In Tenderloin district of San Francisco, U.S., the city government has installed "smart" LED (light-emitting diode) street lights, which is part of a wide effort by the city to cut spending and reduce energy use.
The LED panels are connected to servers over existing power lines, from which the city manages the operation of the LEDs. Based on data retrieved from the panels, management consoles can remotely turn off or dim lights depending on time, weather and traffic.
"We have installed 50 panels in the Tenderloin district as a demonstration," said Tony Winnicker, a spokesman for the San Francisco Public Utilities Commission. "It's an area where reliable street lights are important for public safety. They last longer, and it's brighter at street level," he said.
The energy savings will help the city reduce greenhouse gas emissions by 2012 to the levels of 1990, he said. Shutting down individual or a group of lamps on a situational basis -- like time of day -- also prolongs life of LEDs. In the long term, that will cut greenhouse gas emissions and reduce lamp acquisition costs.
The city is also equipping panels with traffic and weather sensors to determine LED behavior. For example, lamps could stay on during a rainstorm based on data gathered by weather sensors. The sensors also provide fringe benefits like the ability to flash lights for first responders to quickly locate emergency scenes.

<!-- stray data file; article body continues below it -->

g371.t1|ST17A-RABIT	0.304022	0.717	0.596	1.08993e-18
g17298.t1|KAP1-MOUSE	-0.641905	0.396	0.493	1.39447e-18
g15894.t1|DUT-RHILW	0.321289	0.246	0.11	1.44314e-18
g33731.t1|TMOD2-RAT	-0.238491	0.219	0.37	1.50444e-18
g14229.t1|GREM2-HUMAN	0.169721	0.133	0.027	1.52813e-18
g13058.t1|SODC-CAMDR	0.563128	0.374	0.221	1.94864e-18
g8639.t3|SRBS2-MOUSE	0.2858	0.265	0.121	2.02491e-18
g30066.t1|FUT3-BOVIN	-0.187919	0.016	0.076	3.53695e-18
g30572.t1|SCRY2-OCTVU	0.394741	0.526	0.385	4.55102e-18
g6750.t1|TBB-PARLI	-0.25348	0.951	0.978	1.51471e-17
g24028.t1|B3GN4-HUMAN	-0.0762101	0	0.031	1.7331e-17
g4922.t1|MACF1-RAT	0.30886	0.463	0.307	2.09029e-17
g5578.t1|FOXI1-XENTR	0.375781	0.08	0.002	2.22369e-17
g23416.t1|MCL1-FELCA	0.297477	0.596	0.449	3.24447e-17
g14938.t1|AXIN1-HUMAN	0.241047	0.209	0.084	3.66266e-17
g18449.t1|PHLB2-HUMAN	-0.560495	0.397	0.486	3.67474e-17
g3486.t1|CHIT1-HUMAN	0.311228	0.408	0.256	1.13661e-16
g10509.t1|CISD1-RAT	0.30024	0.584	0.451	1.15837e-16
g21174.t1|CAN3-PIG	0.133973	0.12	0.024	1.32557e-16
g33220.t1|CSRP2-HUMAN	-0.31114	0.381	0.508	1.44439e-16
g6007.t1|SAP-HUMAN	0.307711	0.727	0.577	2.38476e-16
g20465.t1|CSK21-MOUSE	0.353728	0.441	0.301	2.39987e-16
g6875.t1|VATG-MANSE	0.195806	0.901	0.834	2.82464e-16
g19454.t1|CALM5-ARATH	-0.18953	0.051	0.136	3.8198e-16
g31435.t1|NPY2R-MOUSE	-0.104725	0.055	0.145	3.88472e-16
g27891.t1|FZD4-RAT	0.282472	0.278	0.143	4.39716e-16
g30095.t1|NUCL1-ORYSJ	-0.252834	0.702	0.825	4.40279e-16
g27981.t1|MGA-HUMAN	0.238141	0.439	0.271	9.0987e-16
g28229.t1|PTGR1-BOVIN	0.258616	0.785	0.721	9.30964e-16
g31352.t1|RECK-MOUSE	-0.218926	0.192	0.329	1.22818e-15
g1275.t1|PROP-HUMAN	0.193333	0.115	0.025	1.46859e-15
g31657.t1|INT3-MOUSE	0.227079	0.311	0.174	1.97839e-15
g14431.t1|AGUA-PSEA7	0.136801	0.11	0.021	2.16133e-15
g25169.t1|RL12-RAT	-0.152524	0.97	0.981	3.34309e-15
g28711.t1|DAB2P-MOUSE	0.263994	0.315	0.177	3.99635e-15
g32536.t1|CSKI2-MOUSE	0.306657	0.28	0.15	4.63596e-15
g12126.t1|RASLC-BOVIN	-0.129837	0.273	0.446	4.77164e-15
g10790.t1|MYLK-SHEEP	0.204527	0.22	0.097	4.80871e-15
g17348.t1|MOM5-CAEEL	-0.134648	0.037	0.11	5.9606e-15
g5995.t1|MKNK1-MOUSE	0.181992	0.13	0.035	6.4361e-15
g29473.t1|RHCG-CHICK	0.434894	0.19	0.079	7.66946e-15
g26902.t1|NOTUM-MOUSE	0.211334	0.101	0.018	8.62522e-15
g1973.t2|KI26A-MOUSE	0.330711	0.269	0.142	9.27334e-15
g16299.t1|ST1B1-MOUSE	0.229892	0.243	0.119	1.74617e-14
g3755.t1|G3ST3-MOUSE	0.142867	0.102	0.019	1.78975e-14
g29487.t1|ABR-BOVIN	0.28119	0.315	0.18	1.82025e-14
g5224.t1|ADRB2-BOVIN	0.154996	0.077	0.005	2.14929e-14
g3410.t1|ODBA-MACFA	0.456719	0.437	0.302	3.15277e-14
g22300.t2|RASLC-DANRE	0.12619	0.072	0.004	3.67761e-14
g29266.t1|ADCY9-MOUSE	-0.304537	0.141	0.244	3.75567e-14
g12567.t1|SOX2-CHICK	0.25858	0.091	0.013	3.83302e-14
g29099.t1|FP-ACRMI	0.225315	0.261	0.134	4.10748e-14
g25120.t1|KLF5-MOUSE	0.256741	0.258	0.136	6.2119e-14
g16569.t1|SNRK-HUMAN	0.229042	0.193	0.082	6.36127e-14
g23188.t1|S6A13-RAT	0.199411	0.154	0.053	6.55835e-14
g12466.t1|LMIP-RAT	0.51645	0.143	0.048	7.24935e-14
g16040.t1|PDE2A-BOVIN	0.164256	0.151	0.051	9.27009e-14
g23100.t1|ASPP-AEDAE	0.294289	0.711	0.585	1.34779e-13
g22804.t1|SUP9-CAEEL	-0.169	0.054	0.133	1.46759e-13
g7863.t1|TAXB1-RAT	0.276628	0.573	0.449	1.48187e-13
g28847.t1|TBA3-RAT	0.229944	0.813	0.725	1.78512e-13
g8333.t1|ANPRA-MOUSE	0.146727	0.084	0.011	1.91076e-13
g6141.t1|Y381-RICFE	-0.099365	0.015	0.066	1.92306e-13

Additional savings come through remote management of the street lights. The management console is also available as a Web service, so street lights could be managed over the Internet using mobile devices like the iPhone, said Steve Nguyen, director of corporate marketing at Echelon.
Many cities -- especially in Europe -- are taking a phased approach in implementing smart street lamps, Nguyen said. Cities usually don't want to put all their eggs in a single basket, so they break up implementations over multiple vendors.
The need to cut costs may seem crucial during the recession, but San Francisco is taking a phased approach in LED deployment. Winnicker said the technology needs to be fully evaluated before implementation. A heavy up-front cost is also involved in deploying the new technology, so it may be appropriate for the city to take a gradual approach.